This brief article explores my experience of using both platforms. I stuck with each one in turn for several years and used my phone every day, so picked up a few thoughts about their performance in my hands.
Why I left the iPhone
Firstly, I should say that my experience was of iPhone 4 and then 5. Apple are currently on iPhone 7 and have introduced variants, including the bigger screen ‘phablet’ format in the iPhone 7 Plus. As a result, my thoughts may be a little out of date regarding the Apple products. However, they were relevant when I decided to change over.
Here are the reasons I fell out of love with the iPhone 5:
- I was limited to 16Gb of storage, with no option to expand. I was forever deleting photos. Downloading long video for offline viewing wasn’t really an option. I couldn’t have my music collection on the phone and consequently carried around my iPod as well as my iPhone (although maybe I should have moved to Spotify premium sooner…)
- The Wi-Fi range was surprisingly short. Two stories above the router in our house, I couldn’t get onto the Wi-Fi.
- 3G didn’t degrade well. It was fine in cities where there was either 3G coverage or Wi-Fi hotspots. Once out in the sticks, falling back to Edge or GPRS meant that none of my apps would work at all and I was effectively without data coverage.
- Battery life. It’s notoriously bad on all smartphones (compared with, say, the heights that Nokia reached with its 6310 which would last for weeks on one charge), but it seemed very bad on my iPhone 5, especially after my phone became a year or so old – I could barely get through the working day without having to recharge.
Good things about Android and my handsets
- Storage was much, much better. I made sure my new handsets had slots for MicroSD, I bought 128Gb card, and all my storage issues were solved. Now I never have to worry about hitting the buffers and running out of space.
- 3/4G degrades smoothly to Edge or 2G. Some apps which aren’t too data heavy can still function.
- Wi-Fi range is better – I can still surf two stories up from our router.
- The battery life is better (but still not amazing). I keep the ‘power saving’ mode on the S7 permanently on and that makes a big difference to the battery life whilst having also no noticeable effect on performance. Also, the S7 detects apps which are sucking power and asks you if you want to turn them off.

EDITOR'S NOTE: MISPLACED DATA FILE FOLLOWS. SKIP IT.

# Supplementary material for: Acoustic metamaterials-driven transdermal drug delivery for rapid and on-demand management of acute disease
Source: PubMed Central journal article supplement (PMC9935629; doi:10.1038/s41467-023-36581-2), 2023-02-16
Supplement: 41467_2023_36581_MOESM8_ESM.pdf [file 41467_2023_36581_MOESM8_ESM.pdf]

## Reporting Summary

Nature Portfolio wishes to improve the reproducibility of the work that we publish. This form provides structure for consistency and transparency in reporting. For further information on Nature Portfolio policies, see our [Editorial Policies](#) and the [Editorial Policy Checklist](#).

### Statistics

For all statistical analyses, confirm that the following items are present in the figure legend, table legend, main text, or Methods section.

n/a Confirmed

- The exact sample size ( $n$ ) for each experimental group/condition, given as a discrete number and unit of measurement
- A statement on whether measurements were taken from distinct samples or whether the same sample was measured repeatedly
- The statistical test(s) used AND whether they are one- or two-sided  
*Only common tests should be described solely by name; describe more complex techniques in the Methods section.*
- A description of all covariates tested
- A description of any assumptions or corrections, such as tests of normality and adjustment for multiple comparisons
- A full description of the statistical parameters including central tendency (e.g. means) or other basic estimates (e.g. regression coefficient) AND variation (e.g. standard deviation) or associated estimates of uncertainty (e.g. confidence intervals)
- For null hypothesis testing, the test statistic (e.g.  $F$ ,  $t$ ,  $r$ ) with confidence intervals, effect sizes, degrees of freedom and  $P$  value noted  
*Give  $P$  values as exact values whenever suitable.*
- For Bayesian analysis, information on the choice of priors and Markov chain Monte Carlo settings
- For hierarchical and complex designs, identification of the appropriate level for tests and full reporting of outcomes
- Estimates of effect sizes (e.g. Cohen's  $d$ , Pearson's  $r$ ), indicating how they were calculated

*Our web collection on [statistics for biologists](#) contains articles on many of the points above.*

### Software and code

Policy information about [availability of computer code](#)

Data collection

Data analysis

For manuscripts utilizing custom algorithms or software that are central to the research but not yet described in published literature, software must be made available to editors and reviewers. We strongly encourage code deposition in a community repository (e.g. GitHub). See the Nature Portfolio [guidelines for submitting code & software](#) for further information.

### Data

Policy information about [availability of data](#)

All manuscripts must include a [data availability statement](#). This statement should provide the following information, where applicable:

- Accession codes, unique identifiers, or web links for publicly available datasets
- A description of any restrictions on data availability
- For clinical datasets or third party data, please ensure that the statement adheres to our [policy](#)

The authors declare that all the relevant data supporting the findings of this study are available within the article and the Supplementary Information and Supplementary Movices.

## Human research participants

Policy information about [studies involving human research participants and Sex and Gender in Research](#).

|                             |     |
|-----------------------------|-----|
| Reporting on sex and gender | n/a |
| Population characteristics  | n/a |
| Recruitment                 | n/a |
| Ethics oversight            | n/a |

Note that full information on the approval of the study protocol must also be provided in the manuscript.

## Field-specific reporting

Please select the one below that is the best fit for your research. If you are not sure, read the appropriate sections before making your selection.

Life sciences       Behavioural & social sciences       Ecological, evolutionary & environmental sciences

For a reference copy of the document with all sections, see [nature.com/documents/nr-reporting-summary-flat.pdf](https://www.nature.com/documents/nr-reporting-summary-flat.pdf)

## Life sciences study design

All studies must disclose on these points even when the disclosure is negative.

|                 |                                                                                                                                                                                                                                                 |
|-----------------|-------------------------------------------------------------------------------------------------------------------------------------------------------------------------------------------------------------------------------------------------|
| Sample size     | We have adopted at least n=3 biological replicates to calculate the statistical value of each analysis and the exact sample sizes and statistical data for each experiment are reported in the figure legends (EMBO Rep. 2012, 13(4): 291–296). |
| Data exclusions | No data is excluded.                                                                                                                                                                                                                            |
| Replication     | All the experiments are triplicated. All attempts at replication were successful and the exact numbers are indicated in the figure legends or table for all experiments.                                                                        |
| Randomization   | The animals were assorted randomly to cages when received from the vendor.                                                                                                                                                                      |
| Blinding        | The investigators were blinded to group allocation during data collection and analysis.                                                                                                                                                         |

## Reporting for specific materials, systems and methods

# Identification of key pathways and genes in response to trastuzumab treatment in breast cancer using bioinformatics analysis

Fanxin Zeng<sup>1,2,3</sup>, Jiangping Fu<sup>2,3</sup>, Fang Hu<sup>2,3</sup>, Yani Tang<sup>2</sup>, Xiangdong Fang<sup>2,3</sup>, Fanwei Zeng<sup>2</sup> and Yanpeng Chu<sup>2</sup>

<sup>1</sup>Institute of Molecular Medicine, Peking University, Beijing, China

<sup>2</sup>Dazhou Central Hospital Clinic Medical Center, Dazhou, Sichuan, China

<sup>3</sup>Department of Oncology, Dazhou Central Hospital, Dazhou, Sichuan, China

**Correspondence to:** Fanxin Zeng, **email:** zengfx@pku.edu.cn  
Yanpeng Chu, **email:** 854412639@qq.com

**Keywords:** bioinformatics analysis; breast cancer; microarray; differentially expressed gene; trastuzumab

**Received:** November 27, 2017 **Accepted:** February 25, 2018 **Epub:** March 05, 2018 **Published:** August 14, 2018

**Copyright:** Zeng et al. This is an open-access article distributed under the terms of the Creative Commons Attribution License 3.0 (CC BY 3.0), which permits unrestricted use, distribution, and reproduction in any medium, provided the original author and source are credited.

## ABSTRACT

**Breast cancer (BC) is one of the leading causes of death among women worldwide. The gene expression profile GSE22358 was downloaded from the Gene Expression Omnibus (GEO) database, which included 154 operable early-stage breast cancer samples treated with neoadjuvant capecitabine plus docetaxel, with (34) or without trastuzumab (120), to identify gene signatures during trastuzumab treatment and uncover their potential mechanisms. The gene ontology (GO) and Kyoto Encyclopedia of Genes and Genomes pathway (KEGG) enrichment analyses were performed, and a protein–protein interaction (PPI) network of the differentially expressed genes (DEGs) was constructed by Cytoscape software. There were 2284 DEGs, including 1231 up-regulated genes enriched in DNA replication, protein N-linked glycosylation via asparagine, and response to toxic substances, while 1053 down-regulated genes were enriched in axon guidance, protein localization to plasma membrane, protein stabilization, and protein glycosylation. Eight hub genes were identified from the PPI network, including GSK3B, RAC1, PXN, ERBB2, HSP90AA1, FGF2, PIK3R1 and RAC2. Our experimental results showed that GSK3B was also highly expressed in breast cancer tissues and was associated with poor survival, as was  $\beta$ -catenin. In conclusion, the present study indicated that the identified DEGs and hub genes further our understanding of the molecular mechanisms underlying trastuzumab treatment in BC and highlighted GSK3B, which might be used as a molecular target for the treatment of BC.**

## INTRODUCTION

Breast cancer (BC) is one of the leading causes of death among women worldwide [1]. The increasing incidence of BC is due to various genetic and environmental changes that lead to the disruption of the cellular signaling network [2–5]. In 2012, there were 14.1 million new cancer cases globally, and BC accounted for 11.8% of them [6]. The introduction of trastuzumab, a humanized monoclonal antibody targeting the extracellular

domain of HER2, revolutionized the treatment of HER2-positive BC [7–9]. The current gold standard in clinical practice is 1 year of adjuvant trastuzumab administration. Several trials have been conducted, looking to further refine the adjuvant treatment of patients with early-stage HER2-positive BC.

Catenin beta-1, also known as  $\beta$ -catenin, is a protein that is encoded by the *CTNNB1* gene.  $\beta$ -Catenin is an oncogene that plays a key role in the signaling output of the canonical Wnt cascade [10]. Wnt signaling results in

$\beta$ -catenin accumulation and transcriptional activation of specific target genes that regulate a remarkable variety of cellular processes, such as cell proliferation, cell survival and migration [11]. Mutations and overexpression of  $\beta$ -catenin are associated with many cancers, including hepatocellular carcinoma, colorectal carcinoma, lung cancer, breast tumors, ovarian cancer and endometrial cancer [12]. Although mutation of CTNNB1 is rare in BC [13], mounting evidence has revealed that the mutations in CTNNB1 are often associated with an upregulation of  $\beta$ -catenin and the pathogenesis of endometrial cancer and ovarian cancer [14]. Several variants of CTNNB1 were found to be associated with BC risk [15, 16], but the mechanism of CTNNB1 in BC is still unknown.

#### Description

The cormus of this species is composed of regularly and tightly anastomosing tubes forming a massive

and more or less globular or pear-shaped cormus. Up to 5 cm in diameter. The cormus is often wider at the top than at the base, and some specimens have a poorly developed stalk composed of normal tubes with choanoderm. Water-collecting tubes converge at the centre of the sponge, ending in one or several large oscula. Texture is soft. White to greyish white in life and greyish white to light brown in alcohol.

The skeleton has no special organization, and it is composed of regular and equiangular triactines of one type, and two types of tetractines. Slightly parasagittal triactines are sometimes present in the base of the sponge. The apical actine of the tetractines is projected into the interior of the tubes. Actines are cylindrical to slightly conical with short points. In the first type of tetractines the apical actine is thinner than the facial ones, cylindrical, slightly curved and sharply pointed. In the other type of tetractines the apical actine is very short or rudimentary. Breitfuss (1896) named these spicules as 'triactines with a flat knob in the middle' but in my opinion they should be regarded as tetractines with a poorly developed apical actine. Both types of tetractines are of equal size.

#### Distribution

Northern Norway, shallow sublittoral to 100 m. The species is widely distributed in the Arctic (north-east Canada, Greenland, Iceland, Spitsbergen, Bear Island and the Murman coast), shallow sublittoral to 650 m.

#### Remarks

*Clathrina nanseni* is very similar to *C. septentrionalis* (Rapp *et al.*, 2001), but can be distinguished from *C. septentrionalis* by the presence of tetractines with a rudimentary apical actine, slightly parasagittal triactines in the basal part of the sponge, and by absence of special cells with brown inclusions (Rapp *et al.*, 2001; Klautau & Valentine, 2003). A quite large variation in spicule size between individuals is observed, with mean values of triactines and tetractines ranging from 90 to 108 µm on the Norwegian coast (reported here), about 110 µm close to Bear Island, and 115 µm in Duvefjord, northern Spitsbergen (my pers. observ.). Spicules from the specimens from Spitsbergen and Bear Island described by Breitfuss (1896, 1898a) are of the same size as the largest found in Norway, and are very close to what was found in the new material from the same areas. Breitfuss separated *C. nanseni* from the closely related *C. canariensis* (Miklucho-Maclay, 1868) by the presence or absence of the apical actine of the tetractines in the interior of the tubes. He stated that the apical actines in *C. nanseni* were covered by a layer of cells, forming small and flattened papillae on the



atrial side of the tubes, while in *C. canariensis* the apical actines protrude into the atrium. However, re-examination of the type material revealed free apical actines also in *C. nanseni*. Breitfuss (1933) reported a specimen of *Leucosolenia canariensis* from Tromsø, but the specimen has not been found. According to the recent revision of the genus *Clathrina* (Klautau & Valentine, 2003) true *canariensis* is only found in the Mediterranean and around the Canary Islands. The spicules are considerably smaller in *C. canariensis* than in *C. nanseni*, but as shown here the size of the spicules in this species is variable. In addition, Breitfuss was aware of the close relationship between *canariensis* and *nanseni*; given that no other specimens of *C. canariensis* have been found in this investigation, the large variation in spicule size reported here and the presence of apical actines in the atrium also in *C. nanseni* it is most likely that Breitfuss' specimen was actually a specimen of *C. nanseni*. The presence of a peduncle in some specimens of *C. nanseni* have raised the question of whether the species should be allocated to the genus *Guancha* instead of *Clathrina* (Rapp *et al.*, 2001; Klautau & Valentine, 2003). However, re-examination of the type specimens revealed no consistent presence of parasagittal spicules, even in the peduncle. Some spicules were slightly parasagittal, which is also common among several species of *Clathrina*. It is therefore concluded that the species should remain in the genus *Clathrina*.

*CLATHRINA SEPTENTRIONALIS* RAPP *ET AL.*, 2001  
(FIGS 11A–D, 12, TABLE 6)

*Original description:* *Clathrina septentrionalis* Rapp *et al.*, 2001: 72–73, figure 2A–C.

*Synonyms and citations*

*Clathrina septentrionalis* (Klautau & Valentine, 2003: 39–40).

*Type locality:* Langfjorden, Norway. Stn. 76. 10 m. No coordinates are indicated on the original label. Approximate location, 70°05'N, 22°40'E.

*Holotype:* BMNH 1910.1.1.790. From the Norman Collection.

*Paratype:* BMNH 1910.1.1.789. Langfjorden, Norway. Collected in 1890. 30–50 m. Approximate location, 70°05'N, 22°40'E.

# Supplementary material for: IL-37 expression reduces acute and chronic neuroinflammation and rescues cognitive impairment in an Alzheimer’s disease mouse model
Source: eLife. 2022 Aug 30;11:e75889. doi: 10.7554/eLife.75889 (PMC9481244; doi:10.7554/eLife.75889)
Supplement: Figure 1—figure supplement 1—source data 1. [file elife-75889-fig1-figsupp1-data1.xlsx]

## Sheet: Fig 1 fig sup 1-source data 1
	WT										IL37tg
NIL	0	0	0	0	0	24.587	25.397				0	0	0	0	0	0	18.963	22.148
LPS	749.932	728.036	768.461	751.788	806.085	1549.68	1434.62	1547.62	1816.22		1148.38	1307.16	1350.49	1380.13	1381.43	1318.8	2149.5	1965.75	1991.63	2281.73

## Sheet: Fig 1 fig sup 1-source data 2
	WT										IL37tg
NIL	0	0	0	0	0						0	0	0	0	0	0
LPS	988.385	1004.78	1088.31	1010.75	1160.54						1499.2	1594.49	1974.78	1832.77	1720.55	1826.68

Bad things about Android
Things were generally better, but the move to Android meant losing out in a few areas:
- The Xperia had quite a slow-to-start video player
- For both the Xperia and the S7, you can’t have unlimited numbers of pages for the home screen with your apps on them; consequently, it’s sometimes difficult to find an app you haven’t put on one of these pages.
- The UI, whilst it’s improved with successive versions of Android, isn’t as slick or responsive as Apple’s.
Good things about Apple that I miss
- The general quality of Apple apps is better than Android. I’m not 100% sure why that’s the case, but I know that Apple approve all the apps on the Apple Store, whereas no such quality control exists for Google Play.
- As mentioned above, the Apple interface is still better. The touchscreen is more responsive, transitions are smoother, apps respond faster.
- The iCloud / Mac integration was better – seamless almost, as you would expect from Apple products. Data would be backed up into the cloud without any intervention from me, and then synced down to the Mac. Whilst it’s possible to do those things using third party apps, it’s not totally seamless and fool proof.
Where have I ended up?
Firstly, despite the issues I described above, both Apple and Android (especially Samsung) high-end smartphones are very similar these days. My iPhone experience is two generations and three years out of date now, so it would be very interesting to compare the iPhone 7 with the S7 (or even generation 8 of both products, once released).
But for now, I’m sticking with my S7.
Neil Tubman, Terzo Digital, June 2017